Thoughts on Leadership by Pete Mosq

This is a blog post from Pete Mosq on FetLife

Let me start this by saying that I have a tremendous amount of respect for those people who choose to serve our community. Board and committee members, Event Chairs and Staffers, Presenters and Teachers, and anyone else who gives the gift of their time and energy.

There’s usually not a gathering I go to where someone doesn’t pull me aside and ask/rant/bitch about the current state of TES. I am not intimately involved with the governance of the organization at this point but will always consider it my ‘home.’ People are often surprised when I talk about my five years on the board with mostly positive things to share. How could that possibly be?

Being on the board for me was really like any other job. There were days when it was the greatest thing in the world, and others when it stunk to high heaven. The former greatly outweighed the latter, so it remains in my mind as a mostly positive experience. I try not to look at the past through ‘rose colored glasses’, so to speak but that’s the truth. There were conflicts, and there were issues of course, and I handled them with as much grace as I could, as I do the other things in my life. I performed a variety of functions while I was at TES, programming, operations, and other things. I generally helped out wherever needed, because that’s just what you do. I did my best to properly and efficiently perform whatever task I took on. Sometimes I did well, other times not so much, but always gave my best efforts and I wasn’t afraid to ask for help when I needed it.

At the risk of sounding overly simplistic, I really don’t think it’s that hard. When you say you are gonna do something, you do it. When you can’t do something, you say something so someone else can pick up the slack and keep going. That last one is one of the hardest things to do because it brings with it the feeling of failure for some of us. But honestly, when the job gets done, nobody fails.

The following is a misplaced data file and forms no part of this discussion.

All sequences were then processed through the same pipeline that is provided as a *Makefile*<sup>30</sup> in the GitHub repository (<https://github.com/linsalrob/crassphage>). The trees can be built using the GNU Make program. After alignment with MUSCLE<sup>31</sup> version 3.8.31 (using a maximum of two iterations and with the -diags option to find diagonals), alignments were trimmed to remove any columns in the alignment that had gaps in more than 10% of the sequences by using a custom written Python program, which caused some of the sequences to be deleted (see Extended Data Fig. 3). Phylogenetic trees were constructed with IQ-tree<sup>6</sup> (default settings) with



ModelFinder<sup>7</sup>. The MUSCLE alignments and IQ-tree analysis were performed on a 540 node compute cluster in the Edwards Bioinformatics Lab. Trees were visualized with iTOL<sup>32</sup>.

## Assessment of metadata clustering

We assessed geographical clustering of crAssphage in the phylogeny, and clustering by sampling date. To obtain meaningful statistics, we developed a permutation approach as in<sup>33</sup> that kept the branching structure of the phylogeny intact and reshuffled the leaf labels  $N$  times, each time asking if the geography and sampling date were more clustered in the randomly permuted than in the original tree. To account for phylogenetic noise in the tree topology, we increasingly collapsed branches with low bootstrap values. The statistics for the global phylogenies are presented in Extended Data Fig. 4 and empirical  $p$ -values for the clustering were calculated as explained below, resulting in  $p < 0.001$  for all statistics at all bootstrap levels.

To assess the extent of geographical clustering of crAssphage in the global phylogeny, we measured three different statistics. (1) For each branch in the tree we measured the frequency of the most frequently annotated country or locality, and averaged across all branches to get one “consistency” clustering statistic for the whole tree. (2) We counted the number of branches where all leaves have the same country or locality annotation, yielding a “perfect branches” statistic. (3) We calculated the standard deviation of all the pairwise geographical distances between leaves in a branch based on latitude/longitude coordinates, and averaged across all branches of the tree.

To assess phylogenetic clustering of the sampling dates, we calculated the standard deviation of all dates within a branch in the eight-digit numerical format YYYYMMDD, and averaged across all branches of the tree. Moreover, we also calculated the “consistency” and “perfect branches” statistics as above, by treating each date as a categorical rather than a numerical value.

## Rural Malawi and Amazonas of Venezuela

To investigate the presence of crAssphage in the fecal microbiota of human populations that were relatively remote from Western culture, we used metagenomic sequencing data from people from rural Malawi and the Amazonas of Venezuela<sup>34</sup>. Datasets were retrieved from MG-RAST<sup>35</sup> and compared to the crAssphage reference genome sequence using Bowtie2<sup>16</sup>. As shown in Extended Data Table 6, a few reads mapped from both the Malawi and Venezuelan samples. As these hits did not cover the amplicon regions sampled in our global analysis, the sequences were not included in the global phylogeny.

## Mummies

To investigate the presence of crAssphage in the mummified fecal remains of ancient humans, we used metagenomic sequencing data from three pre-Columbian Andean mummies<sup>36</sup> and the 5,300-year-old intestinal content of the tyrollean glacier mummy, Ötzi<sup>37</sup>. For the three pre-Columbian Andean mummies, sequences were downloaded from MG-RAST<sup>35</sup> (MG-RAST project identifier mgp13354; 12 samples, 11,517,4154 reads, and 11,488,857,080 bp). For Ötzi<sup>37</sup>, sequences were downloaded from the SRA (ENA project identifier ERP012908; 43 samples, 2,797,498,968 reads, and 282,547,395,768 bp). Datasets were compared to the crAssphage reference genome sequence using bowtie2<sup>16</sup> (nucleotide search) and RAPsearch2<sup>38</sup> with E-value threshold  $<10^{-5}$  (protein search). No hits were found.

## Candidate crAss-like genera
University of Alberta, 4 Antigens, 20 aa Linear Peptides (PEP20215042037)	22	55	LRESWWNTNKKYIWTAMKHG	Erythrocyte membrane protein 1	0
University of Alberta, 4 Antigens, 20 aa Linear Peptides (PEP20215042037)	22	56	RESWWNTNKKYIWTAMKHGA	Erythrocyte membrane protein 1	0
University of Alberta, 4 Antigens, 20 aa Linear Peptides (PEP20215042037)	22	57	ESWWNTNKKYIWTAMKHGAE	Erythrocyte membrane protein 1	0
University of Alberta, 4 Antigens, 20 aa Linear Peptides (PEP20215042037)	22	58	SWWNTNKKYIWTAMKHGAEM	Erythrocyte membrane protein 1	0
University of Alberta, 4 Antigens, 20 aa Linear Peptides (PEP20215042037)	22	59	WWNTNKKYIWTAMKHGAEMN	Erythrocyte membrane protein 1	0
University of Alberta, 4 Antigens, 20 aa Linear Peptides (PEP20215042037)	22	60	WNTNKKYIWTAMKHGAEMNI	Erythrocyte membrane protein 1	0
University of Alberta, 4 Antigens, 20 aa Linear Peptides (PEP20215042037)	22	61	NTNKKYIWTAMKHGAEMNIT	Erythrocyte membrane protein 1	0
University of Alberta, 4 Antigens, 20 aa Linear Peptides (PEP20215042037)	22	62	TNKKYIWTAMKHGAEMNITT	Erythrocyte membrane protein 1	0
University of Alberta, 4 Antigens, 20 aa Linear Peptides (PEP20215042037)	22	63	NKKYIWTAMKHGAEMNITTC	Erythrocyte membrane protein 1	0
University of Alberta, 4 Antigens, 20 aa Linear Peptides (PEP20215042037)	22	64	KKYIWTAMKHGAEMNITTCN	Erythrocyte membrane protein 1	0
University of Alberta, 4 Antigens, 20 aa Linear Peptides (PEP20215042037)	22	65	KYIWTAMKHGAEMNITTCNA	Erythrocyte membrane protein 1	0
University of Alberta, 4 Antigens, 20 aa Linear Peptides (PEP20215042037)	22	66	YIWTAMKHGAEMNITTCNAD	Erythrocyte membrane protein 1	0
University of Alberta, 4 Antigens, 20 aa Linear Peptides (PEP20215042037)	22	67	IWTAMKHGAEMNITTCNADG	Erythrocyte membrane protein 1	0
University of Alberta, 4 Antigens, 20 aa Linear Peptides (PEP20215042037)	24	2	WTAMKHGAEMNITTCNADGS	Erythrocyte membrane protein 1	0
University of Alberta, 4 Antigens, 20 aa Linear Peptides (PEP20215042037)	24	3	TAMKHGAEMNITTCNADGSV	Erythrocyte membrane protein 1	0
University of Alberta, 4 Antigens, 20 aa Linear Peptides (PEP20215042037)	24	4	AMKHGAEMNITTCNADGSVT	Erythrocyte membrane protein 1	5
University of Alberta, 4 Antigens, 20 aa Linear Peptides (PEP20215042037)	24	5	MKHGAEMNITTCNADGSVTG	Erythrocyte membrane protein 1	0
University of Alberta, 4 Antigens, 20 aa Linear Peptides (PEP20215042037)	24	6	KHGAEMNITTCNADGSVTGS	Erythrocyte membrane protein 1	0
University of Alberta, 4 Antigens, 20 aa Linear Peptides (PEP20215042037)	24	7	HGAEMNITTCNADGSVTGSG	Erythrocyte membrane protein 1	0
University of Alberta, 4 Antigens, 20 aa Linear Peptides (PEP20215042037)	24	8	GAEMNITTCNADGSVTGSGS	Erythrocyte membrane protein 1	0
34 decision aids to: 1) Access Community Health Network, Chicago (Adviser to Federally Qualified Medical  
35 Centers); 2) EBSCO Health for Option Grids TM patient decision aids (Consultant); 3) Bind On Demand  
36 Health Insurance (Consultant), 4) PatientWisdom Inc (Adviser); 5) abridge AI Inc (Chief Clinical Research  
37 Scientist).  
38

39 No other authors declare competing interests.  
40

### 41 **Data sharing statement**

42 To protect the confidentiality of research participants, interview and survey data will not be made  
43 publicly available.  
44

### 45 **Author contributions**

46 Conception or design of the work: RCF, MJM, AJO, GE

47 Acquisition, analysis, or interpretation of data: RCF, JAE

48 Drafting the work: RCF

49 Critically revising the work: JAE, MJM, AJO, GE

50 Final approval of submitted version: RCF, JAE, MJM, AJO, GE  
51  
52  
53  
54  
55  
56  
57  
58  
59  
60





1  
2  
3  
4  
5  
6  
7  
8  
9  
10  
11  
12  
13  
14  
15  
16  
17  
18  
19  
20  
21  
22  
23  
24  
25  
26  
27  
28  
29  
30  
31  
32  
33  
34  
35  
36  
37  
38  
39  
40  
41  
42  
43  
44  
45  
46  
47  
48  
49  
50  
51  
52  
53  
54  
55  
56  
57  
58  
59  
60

At the best of times, two needs will be served, your own personal needs and the needs of the organization/event/community. That’s when everybody wins.
I am extremely grateful to TES for the opportunities for socialization and personal growth that being on the board afforded me. It was truly a life changing experience that I treasure, At the end of my service, things in the organization had changed as had things in my personal life and when it was time to go, I left without any regrets. Mostly. ;)

The organization goes on without me as well it should. That’s the hardest thing to admit to oneself, That no matter how good you do a task, lead a group, teach a class or etc, when you can’t or won’t do it anymore, someone else will. They might even do it better than you, and you know what? That’s fucking great!
I see the new board members come in every year and remember what it was like when I ‘got the reins’ so to speak. They will all do things their way, and those of us who came before will offer advice and support but that’s all we can do. It’s their job now. As it should be. Whenever you step up to serve the community, you should strongly examine your motives and needs so the expectations and results will mirror each other as much as possible.

When I ran for the board again two years ago, I did so for many of the wrong reasons (even if I didn’t realize it at the time) and subsequently it wasn’t a fit. Wasn’t my fault, wasn’t theirs, it’s just the way it was. Coincidentally, a series of events required my pulling away from the scene, so I bowed out as gracefully as I could. Once again with no regrets.

There’s nothing wrong with putting the other needs in your life ahead of your volunteer responsibilities. It shows someone with a sense of their own priorities in line and will actually make you more conscientious when others need to do the same. I have always said that what we do here is nice, it’s wonderful and fantastic, but at the end of the day isn’t that important. What is important? Your health. Your family (bio and/or chosen). Your job or career (the one that pays your bills). Your life.

To all those who have served and all those who will, I thank you. I know what it’s like to sit in that seat. It’s a real special place.

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